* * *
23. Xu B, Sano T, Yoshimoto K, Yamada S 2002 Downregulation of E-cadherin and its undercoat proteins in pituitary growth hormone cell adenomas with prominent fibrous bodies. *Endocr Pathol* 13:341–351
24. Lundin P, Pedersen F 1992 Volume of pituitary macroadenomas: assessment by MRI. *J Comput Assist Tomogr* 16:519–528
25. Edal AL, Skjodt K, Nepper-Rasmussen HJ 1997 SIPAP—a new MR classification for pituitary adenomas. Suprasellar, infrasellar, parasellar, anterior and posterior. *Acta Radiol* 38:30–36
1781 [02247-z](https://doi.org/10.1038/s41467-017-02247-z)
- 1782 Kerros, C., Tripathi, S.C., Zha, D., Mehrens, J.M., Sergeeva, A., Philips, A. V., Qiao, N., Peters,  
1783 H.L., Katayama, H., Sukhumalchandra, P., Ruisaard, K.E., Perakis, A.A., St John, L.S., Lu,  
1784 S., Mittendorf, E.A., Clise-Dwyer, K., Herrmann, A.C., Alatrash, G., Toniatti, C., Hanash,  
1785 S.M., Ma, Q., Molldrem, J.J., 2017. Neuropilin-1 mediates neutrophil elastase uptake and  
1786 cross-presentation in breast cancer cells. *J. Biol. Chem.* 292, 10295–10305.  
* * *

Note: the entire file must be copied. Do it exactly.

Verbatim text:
23. Xu B, Sano T, Yoshimoto K, Yamada S 2002 Downregulation of E-cadherin and its undercoat proteins in pituitary growth hormone cell adenomas with prominent fibrous bodies. *Endocr Pathol* 13:341–351
24. Lundin P, Pedersen F 1992 Volume of pituitary macroadenomas: assessment by MRI. *J Comput Assist Tomogr* 16:519–528
25. Edal AL, Skjodt K, Nepper-Rasmussen HJ 1997 SIPAP—a new MR classification for pituitary adenomas. Suprasellar, infrasellar, parasellar, anterior and posterior. *Acta Radiol* 38:30–36
1781 [02247-z](https://doi.org/10.1038/s41467-017-02247-z)
- 1782 Kerros, C., Tripathi, S.C., Zha, D., Mehrens, J.M., Sergeeva, A., Philips, A. V., Qiao, N., Peters,  
1783 H.L., Katayama, H., Sukhumalchandra, P., Ruisaard, K.E., Perakis, A.A., St John, L.S., Lu,  
1784 S., Mittendorf, E.A., Clise-Dwyer, K., Herrmann, A.C., Alatrash, G., Toniatti, C., Hanash,  
1785 S.M., Ma, Q., Molldrem, J.J., 2017. Neuropilin-1 mediates neutrophil elastase uptake and  
1786 cross-presentation in breast cancer cells. *J. Biol. Chem.* 292, 10295–10305.  